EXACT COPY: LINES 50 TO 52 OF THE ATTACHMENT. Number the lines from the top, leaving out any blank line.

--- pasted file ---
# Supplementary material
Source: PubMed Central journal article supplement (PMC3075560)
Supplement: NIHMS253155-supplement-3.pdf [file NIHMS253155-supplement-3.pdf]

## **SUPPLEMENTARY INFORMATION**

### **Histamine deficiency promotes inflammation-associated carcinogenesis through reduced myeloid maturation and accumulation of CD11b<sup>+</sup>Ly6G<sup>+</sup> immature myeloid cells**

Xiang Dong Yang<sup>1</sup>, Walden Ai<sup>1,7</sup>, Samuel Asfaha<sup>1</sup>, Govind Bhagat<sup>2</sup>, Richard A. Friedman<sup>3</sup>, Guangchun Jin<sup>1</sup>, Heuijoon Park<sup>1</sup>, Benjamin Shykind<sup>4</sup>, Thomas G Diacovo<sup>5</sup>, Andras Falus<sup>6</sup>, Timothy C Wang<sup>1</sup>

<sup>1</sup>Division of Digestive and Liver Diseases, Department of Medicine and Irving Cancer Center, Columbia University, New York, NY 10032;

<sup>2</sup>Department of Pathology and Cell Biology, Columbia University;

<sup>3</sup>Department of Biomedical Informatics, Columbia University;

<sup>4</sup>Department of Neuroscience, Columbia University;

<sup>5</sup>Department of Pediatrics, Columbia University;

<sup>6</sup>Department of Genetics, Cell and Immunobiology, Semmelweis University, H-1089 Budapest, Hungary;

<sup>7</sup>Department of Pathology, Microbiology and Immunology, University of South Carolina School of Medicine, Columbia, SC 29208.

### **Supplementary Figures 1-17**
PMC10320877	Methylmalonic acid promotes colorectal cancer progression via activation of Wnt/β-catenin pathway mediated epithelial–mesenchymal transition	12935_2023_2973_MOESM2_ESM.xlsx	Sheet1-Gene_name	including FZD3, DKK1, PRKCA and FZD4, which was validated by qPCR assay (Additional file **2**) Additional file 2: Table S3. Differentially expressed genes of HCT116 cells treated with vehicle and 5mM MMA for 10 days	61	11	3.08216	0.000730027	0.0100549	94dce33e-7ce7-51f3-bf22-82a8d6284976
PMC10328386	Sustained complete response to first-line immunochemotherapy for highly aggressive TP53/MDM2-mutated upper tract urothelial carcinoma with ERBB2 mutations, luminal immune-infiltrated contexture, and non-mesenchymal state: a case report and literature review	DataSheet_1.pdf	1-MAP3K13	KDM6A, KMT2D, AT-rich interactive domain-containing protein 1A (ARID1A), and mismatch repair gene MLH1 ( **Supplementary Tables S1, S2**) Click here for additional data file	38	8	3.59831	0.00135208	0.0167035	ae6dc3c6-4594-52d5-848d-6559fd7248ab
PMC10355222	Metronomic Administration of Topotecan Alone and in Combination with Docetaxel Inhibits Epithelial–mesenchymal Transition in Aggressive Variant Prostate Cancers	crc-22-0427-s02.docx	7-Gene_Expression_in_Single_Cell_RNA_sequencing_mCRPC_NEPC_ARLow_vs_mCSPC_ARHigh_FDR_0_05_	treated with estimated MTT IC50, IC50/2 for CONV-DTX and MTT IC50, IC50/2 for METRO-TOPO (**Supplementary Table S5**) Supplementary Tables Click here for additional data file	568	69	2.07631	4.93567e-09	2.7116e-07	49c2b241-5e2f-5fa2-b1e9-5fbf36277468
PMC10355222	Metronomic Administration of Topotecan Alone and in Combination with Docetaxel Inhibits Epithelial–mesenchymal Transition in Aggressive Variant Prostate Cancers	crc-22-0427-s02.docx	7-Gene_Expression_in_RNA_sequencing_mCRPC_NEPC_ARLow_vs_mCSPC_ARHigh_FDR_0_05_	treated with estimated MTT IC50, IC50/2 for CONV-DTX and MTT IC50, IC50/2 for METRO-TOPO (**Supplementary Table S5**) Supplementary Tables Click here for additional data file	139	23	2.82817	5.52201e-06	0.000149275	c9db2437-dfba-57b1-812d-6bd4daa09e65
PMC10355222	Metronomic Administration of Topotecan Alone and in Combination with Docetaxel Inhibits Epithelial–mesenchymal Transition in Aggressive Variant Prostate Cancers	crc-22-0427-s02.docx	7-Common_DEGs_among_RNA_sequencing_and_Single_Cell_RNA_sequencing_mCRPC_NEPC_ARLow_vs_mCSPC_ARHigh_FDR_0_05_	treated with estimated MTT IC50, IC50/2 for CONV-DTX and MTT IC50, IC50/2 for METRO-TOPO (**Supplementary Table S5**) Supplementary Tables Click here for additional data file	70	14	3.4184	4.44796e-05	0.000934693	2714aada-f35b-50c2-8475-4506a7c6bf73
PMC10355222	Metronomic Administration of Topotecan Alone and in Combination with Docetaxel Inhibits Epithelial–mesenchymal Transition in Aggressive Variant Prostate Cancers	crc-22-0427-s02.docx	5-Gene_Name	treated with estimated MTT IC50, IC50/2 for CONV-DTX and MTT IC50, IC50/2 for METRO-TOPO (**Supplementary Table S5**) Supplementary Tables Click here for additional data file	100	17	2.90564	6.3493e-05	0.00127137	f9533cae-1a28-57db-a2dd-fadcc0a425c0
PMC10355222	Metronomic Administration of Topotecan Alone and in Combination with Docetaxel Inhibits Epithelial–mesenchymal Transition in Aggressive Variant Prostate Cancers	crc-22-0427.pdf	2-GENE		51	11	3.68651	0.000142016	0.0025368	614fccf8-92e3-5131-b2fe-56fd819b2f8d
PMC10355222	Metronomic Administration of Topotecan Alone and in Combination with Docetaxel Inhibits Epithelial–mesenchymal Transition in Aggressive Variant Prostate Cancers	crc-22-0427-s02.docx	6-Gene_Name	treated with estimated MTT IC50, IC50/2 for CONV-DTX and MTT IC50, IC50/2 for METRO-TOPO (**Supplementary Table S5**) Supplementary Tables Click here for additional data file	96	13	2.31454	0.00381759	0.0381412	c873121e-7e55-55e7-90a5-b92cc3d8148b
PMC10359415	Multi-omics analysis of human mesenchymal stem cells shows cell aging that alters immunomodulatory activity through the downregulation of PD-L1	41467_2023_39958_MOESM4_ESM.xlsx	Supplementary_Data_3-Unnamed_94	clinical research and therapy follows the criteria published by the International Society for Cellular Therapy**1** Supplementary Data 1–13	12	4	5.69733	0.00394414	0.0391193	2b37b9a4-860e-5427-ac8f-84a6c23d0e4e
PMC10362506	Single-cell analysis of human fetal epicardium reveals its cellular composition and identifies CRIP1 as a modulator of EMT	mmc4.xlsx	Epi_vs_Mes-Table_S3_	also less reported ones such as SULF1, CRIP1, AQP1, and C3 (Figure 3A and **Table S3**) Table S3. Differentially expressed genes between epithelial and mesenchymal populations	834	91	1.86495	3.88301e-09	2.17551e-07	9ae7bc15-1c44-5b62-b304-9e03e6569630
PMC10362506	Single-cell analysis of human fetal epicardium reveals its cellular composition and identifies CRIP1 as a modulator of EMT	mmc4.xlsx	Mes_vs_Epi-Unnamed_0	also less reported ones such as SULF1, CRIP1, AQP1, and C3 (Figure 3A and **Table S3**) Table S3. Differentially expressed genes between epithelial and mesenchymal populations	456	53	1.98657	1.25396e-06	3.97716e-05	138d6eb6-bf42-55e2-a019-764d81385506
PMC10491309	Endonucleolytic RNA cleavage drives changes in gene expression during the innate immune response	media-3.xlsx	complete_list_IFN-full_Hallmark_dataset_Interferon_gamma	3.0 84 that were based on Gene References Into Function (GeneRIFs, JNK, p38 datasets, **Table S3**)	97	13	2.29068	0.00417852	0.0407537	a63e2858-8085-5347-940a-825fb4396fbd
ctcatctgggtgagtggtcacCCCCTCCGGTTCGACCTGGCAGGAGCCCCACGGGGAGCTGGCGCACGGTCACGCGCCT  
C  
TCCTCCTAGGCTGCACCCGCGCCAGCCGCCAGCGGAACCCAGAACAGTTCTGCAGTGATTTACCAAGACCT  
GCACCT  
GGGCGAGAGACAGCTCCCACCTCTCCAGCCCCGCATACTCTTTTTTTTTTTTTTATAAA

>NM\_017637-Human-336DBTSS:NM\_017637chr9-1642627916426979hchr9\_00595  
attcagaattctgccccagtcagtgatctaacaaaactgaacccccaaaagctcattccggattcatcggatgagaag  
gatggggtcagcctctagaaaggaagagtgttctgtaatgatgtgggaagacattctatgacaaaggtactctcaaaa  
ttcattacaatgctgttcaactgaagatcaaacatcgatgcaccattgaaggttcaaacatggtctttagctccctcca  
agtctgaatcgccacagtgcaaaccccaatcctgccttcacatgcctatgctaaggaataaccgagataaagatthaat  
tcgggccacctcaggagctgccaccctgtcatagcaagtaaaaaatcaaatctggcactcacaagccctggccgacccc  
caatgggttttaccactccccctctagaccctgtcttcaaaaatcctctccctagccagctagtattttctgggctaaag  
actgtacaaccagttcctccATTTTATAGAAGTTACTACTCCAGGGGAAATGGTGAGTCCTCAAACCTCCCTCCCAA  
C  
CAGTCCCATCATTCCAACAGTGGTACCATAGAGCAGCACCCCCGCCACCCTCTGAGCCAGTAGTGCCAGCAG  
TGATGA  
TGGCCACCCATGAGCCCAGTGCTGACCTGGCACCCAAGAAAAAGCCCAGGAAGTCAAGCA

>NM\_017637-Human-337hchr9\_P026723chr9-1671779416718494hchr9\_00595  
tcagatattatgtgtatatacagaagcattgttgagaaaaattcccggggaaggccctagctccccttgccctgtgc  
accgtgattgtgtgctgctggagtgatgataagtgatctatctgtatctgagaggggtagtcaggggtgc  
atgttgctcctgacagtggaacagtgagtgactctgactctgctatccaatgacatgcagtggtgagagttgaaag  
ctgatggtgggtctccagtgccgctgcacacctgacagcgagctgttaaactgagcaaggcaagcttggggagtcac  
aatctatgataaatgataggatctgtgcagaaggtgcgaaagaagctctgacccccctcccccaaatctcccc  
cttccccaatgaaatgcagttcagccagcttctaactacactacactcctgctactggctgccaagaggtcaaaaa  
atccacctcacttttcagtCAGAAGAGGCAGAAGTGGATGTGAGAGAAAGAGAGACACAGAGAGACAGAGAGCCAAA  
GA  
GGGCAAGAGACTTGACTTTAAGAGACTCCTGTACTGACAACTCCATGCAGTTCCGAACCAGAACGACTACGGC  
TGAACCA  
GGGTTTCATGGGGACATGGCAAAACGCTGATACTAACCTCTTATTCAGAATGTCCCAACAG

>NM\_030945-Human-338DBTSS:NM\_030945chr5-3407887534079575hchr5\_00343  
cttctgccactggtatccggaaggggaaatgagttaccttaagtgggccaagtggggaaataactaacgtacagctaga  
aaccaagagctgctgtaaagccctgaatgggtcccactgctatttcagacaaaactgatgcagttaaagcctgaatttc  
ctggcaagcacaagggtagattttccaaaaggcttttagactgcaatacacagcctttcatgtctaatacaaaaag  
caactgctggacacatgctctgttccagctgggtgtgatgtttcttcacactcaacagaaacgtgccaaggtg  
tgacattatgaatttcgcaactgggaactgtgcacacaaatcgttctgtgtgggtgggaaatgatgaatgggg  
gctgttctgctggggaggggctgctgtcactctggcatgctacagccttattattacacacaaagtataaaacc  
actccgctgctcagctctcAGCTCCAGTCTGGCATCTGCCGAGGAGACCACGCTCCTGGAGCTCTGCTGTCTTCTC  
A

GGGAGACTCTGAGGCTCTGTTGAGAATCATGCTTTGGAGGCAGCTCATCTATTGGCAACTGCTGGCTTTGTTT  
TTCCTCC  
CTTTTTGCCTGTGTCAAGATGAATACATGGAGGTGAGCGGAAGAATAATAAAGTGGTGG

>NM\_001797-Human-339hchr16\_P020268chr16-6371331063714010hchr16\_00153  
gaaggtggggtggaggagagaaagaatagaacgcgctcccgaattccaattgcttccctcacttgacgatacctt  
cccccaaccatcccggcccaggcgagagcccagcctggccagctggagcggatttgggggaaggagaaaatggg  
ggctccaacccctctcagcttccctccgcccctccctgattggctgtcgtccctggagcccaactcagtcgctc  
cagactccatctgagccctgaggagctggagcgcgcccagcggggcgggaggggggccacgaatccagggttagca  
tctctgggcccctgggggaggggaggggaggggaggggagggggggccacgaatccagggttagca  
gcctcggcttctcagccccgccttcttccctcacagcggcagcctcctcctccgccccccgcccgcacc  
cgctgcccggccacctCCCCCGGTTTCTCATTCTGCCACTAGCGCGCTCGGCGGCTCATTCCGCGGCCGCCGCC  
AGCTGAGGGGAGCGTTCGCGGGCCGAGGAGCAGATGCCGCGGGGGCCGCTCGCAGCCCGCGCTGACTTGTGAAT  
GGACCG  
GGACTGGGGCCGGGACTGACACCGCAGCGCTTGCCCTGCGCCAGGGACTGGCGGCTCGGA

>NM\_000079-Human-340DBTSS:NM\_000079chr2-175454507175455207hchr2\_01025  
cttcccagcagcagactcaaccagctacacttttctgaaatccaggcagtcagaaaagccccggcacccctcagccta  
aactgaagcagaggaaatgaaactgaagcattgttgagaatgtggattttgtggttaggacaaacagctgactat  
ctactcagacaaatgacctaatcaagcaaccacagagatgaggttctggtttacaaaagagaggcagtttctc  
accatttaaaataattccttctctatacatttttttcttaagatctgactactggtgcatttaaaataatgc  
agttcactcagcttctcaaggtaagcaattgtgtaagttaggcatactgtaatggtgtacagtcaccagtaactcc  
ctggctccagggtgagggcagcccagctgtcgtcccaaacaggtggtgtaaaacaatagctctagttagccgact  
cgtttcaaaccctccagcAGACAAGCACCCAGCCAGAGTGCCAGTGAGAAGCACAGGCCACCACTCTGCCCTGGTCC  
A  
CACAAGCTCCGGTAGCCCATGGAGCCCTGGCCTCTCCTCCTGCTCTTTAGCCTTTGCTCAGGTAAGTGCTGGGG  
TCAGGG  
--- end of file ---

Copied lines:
cttccccaatgaaatgcagttcagccagcttctaactacactacactcctgctactggctgccaagaggtcaaaaa  
atccacctcacttttcagtCAGAAGAGGCAGAAGTGGATGTGAGAGAAAGAGAGACACAGAGAGACAGAGAGCCAAA  
GA  